Area residents should be aware of a new phone scam whereby the caller threatens a family member will be arrested for tax fraud if their demands for money are not met.
A local resident reported Tuesday that she received a phone call from a man who claimed to be from the Canada Revenue Agency.
He said that there was an arrest warrant out for her husband and that police would be at her home in an hour to arrest him for tax fraud.
The caller wanted $5,400.
The caller claimed that if the woman hung up the phone, the police would come for her husband immediately.
The caller also claimed to have frozen the resident’s bank accounts.
He explained that the woman would have to get a cellphone, stay on the line with him, and go to the bank, where she would have to follow special instructions to make the transaction.
The $5,400 couldn’t be paid to the government, it would have to be wired directly to him.
The resident hung up on the scammer and reported the call to the OPP.
The Canada Revenue Agency issued a press release today warning Canadians to beware of telephone calls or e-mails that claim to be from the CRA but are not.
These are “phishing” and other fraudulent scams that could result in identity and financial theft.
Some recent telephone scams involve threatening or forceful language to scare you into paying fictitious debt to the CRA.
If you get such a call, hang up and report it to the Canadian Anti-Fraud Centre.
Some recent e-mail scams involve telling you that you are entitled to a refund of a specific amount, or telling you that your tax assessment has been verified and you are getting a tax refund.
These e-mails often have CRA logos or Internet links that look official, but some contain obvious grammar or spelling mistakes.
When it comes to suspicious phone calls, here’s advice from Phone Busters.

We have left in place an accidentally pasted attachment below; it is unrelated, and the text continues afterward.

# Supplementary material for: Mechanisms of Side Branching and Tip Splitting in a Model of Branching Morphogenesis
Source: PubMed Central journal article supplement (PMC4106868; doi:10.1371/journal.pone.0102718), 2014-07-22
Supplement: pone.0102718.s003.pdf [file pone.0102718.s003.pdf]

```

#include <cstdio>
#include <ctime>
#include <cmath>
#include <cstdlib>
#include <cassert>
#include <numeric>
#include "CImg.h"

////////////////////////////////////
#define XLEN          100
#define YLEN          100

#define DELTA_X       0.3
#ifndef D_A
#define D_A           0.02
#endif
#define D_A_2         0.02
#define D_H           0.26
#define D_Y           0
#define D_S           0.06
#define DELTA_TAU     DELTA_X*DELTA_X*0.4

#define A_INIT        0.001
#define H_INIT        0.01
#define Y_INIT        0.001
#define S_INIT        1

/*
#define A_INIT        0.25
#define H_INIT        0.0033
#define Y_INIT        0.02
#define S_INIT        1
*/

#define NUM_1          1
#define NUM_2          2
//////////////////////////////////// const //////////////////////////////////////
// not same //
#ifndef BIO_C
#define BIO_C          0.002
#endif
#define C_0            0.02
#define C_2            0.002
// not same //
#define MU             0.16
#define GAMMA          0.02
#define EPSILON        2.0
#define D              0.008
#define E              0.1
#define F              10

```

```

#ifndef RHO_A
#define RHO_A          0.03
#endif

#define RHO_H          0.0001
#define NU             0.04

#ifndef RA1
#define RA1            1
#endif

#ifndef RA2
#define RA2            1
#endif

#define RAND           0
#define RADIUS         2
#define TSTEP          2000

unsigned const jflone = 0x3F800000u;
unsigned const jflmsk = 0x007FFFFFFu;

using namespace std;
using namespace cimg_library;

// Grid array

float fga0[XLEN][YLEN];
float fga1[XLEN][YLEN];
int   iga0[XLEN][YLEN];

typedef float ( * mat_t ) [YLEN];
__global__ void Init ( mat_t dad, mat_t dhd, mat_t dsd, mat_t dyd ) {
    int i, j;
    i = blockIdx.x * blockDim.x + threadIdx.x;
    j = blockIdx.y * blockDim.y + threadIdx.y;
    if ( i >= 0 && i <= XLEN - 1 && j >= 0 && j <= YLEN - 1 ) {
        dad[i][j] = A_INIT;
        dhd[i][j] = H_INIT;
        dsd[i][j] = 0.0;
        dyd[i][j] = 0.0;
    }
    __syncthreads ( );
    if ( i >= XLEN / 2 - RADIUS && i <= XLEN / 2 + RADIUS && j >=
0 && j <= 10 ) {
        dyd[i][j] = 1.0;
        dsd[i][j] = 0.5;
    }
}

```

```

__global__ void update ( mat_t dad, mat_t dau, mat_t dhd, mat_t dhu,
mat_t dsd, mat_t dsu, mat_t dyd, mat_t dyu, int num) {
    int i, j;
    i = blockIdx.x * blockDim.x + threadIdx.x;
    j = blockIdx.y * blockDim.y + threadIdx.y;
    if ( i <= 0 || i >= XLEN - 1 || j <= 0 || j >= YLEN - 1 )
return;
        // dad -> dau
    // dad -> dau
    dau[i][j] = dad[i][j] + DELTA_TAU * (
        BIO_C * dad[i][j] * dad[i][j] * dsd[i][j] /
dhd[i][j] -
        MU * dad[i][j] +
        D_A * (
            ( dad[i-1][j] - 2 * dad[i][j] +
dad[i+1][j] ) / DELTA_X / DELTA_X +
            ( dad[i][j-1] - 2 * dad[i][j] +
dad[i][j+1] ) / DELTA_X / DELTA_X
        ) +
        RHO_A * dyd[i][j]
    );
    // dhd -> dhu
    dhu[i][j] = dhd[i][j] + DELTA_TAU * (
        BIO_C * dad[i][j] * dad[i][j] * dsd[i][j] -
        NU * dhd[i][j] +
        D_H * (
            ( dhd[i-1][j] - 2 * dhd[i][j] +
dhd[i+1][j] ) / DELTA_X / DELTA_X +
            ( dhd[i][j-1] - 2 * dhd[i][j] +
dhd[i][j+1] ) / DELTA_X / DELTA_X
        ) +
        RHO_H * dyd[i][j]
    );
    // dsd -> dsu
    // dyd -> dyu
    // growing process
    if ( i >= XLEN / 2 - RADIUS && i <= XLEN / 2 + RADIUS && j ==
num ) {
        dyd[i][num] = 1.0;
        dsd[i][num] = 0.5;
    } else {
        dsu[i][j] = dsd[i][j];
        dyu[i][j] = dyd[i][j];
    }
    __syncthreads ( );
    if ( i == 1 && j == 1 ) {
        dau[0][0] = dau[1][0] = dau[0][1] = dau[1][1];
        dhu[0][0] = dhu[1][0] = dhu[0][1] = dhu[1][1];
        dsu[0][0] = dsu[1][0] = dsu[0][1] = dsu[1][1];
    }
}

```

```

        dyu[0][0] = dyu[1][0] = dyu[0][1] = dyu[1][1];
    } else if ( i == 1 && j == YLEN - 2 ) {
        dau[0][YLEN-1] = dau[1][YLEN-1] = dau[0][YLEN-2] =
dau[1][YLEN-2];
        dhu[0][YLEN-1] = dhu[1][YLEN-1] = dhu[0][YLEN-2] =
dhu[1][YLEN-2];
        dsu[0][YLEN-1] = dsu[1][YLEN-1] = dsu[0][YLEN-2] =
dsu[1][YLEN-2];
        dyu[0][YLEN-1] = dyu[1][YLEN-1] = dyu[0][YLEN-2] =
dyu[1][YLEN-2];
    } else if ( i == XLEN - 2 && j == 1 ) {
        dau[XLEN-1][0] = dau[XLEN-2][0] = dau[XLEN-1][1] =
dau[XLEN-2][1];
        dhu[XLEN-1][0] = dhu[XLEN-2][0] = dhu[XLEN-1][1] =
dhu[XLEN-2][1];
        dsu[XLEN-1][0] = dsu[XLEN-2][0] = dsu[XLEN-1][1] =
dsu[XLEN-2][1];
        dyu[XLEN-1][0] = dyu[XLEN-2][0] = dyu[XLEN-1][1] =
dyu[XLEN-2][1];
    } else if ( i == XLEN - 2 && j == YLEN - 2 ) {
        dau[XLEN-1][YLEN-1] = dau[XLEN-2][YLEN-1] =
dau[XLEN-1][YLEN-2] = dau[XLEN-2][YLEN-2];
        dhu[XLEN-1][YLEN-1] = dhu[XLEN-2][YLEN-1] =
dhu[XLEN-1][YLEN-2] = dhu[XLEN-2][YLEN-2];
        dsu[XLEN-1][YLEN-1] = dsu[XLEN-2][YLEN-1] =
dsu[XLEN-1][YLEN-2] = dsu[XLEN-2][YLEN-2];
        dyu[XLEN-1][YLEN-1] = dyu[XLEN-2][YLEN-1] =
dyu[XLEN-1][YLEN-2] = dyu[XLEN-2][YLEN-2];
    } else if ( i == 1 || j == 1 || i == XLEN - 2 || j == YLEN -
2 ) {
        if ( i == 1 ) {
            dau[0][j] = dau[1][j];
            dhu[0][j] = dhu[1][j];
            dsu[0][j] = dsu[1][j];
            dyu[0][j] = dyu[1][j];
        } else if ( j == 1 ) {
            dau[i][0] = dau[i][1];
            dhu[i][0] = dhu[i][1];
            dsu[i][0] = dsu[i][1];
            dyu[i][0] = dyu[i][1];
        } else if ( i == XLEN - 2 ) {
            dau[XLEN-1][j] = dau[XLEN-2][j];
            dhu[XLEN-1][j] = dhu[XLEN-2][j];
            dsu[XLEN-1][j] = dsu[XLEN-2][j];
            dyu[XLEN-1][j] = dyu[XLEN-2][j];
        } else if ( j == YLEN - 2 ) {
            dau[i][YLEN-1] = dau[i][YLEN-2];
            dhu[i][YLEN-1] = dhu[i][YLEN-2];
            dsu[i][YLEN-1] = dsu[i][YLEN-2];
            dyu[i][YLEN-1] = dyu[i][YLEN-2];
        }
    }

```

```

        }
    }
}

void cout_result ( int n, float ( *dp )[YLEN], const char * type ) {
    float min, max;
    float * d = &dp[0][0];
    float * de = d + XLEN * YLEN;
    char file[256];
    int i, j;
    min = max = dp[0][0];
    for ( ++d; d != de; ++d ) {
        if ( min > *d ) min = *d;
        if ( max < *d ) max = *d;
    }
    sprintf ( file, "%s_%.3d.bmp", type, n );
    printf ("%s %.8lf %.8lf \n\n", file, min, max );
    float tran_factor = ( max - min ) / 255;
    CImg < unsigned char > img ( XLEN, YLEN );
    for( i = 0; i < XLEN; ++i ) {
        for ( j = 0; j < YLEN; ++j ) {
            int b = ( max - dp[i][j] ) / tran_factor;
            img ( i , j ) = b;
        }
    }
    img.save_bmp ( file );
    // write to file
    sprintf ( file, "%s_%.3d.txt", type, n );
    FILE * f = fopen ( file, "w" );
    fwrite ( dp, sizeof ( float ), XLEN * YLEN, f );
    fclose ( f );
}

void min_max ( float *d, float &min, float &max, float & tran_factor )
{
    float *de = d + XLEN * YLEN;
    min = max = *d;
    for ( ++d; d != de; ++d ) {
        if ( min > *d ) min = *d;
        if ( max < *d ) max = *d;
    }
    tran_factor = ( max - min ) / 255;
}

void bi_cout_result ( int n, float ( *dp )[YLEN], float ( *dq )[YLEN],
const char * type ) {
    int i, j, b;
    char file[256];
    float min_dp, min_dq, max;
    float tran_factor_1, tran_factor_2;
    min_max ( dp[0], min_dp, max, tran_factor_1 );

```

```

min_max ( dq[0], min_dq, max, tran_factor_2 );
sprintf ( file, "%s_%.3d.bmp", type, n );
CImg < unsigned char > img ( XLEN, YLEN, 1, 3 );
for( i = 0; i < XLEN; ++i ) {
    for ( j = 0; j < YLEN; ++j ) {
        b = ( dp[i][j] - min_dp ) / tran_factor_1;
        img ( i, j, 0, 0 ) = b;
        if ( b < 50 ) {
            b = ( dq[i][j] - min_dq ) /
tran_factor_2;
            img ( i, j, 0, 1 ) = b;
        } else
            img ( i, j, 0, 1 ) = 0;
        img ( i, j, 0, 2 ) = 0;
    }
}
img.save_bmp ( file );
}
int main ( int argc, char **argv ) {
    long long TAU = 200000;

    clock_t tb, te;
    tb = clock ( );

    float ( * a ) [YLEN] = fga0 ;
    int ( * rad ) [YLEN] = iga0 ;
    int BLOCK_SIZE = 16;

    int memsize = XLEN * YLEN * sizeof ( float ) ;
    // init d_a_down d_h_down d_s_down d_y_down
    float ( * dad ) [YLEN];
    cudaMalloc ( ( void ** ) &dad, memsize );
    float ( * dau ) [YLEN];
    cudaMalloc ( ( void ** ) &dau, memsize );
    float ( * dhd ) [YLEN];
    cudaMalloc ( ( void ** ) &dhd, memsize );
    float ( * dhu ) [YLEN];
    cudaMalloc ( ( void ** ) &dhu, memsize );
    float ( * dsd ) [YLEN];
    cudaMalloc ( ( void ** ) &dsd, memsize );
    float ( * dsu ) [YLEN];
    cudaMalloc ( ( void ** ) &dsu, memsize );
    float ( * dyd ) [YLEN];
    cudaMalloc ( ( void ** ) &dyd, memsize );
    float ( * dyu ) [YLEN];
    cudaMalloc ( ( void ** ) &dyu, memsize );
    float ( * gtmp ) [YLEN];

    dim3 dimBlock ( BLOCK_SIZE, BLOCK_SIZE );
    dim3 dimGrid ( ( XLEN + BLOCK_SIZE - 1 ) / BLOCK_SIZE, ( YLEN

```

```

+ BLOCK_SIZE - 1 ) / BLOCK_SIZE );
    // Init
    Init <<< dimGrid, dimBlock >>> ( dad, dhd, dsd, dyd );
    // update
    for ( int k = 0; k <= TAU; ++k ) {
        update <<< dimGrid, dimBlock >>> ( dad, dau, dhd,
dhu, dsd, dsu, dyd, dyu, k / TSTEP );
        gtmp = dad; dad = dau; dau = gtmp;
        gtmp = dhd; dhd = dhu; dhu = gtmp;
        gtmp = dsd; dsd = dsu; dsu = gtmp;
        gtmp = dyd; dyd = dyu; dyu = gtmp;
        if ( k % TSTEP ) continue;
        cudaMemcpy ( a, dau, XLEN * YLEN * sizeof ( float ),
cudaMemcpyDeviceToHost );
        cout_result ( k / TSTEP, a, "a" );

Don’t be pressured into giving information or money to anyone.
Ask yourself these questions—and if the answers give you some doubt about the caller’s intentions or methods, end the call:
•Who’s calling—and why?
Telemarketers must tell you it’s a sales call, the name of the seller, and what they’re selling before they make their pitch.
If they don’t, say “no thanks” and get off the phone.
•What’s their hurry?
Fast talkers who use high-pressure tactics could be hiding something.
Take your time. Most legitimate businesses will give you time and written information about an offer before asking you to commit to a purchase.
It’s all right to take your time and double check!
•If it’s free, why are they asking me to pay?
Questions or suspicions should arise if you need to pay to redeem a prize or gift.
Free is free. If you have to pay, it’s a purchase—not a prize or a gift.
•Why am I “confirming” my account information—or giving it out at all?
Some callers have your billing information before they call you. They’re trying to get you to say “okay” so they can claim you approved a charge.
Never give personal or credit information over the phone.
If you have further questions or concerns, call 1-888-495-8501.